Description of aircraft movement is dependent on the location and orientation of coordinate axes that make a coordinate system (or frame of reference). Many coordinate systems exist, but the two used in the DJI Mobile SDK are relative to the aircraft body (body frame), and relative to the ground (world frame).
The body coordinate system is relative to the aircraft itself. Three perpendicular axes are defined such that the origin is the center of mass, and the X axis is directed through the front of the aircraft and the Y axis through the right of the aircraft. Using the coordinate right hand rule, the Z axis is then through the bottom of the aircraft.
Aircraft translation in positive X, Y and Z is therefore defined in the Body Coordinate System as forward, right and downward translation respectively.
Aircraft rotation is also described with these same axes using the coordinate right hand rule to define the direction of positive rotation. When describing rotational movement, the X, Y and Z axes are renamed Roll, Pitch and Yaw.
The definition of X, Y, Z, roll, pitch and yaw is consistent with aircraft body coordinate systems, but can sometimes be unintuitive to a developer seeing it for the first time.
For instance, if the aircraft rotates around the Pitch axis (Y axis) it will move in the X axis direction. Moreover, if the Pitch angle is positive, the direction will be backwards, or in the negative X axis. Care must therefore be taken when using roll, pitch and yaw to move an aircraft.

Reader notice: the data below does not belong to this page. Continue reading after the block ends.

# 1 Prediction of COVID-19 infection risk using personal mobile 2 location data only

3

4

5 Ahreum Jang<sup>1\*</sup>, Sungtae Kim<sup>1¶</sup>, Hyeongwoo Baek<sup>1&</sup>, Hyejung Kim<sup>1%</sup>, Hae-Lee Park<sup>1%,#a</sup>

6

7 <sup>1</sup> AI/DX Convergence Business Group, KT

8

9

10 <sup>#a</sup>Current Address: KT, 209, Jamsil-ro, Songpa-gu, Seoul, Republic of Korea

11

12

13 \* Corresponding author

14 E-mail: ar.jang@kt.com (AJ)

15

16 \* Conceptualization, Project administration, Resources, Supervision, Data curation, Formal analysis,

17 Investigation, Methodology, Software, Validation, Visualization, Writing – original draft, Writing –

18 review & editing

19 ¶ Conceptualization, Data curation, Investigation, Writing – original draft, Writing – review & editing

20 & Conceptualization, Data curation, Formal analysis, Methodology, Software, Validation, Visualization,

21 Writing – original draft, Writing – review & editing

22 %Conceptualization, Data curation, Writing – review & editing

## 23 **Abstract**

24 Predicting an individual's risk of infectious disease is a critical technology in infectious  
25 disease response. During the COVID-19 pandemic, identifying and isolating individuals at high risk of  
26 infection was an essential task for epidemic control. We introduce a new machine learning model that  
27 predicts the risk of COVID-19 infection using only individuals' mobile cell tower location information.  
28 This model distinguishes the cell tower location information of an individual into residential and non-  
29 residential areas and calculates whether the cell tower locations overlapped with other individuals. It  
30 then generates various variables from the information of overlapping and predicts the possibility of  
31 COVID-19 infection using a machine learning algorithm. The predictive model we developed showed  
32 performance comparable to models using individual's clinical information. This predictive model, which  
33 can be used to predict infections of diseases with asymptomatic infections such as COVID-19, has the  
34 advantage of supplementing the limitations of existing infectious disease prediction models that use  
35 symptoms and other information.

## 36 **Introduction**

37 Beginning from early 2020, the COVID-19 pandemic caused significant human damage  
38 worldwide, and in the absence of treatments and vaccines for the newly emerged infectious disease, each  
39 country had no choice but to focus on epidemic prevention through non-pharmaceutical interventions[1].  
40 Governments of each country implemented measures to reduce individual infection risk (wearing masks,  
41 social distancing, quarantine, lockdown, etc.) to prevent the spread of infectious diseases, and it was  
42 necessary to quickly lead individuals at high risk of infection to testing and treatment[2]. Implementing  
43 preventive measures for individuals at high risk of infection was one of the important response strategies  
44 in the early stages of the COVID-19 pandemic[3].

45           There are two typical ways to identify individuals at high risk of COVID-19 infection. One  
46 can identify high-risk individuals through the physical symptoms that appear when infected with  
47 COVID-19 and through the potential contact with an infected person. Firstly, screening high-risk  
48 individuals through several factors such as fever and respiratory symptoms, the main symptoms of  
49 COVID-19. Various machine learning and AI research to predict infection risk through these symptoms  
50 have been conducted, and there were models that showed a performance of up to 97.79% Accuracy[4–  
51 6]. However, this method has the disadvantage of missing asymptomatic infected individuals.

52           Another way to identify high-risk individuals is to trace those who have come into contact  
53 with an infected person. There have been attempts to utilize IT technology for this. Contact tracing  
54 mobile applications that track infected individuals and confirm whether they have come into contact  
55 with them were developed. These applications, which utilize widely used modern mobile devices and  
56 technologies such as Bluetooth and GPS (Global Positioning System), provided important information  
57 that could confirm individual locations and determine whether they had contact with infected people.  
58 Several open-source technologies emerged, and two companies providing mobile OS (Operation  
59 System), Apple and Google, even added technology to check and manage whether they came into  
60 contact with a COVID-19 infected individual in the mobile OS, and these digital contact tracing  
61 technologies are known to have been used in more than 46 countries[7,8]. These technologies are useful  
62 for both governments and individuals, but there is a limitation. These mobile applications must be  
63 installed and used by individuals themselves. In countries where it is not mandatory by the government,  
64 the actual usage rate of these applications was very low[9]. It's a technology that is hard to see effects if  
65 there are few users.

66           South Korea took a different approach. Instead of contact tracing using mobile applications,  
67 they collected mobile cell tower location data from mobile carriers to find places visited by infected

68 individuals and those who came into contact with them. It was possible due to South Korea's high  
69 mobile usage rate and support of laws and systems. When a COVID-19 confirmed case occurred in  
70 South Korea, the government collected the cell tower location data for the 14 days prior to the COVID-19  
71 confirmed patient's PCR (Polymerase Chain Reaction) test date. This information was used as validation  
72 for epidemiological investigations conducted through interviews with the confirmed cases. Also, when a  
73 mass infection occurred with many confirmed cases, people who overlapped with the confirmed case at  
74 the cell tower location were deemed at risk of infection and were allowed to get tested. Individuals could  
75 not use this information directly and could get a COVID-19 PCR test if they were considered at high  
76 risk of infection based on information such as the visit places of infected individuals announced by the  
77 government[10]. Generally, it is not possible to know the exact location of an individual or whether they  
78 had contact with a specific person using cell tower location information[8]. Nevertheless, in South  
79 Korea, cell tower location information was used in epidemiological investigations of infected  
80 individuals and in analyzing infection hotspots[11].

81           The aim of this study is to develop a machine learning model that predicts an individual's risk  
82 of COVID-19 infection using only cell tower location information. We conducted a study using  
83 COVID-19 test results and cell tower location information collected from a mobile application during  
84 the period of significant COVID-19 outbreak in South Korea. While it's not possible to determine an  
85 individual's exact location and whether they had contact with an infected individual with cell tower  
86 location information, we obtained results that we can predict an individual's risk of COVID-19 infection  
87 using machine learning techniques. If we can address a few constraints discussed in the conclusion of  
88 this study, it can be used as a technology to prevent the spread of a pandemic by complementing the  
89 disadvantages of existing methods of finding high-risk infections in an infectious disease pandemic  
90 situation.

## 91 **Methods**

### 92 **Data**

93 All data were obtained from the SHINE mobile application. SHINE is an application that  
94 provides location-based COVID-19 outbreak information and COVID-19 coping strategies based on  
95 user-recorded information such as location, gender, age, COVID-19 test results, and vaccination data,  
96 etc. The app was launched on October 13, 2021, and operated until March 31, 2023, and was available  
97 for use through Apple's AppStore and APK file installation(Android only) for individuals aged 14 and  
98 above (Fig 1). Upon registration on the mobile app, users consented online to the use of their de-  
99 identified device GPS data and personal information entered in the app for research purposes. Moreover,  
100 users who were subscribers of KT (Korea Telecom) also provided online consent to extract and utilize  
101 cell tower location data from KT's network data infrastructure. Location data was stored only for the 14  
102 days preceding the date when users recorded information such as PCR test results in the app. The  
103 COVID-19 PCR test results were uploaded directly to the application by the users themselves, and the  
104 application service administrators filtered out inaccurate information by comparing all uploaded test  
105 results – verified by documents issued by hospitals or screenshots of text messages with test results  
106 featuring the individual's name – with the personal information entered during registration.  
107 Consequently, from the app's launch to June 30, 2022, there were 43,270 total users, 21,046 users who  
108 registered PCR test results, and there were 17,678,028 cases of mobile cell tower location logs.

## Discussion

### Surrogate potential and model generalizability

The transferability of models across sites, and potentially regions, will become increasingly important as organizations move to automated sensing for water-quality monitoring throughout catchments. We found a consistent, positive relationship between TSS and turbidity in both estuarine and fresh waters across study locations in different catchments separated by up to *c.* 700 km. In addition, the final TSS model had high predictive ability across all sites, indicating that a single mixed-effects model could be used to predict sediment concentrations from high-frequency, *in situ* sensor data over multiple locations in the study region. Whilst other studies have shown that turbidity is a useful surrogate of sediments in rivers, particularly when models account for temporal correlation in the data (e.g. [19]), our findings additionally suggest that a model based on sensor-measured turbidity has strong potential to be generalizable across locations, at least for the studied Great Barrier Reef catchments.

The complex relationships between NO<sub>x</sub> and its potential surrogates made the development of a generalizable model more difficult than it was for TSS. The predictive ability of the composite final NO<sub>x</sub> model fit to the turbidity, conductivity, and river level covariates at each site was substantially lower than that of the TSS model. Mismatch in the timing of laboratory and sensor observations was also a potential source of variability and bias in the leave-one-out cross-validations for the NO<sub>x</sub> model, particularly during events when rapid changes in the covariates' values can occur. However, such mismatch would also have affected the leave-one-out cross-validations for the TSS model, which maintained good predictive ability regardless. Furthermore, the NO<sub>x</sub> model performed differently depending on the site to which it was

A popular ground or world coordinate system used for aircraft aligns the positive X, Y and Z axes with the directions of North, East and down. This convention is called North-East-Down or NED.
Positive Z pointing downward can take some getting used to, but it is convenient as X and Y are then consistent with the right hand rule and normal navigation heading angles. A heading angle of 0° will point toward the North, and +90° toward the East.
The origin for a NED coordinate system is usually a point in the world frame (like take-off location).
The orientation of the aircraft and gimbal is known as its attitude and defined by the rotation around the pitch, roll and yaw axes in the body coordinate system.
Combined with throttle, rotating the aircraft in pitch, roll and yaw orients the aircraft and moves it in space.
The above diagram shows the aircraft from the side. Pitch measures an object's rotation about the lateral (Y, pitch) axis. Adjusting the pitch will tilt the aircraft forwards or backwards.
To pitch forward, the back propellors spin faster and have more thrust than the front propellors. The flight controller automatically balances the thrust on each propellor and so the DJI Mobile SDK simply provides APIs to adjust the pitch angle and throttle.
The above diagram shows the aircraft from the back. Roll measures an object's rotation about the longitudinal (X, roll) axis. Adjusting the roll will tilt the aircraft left or right.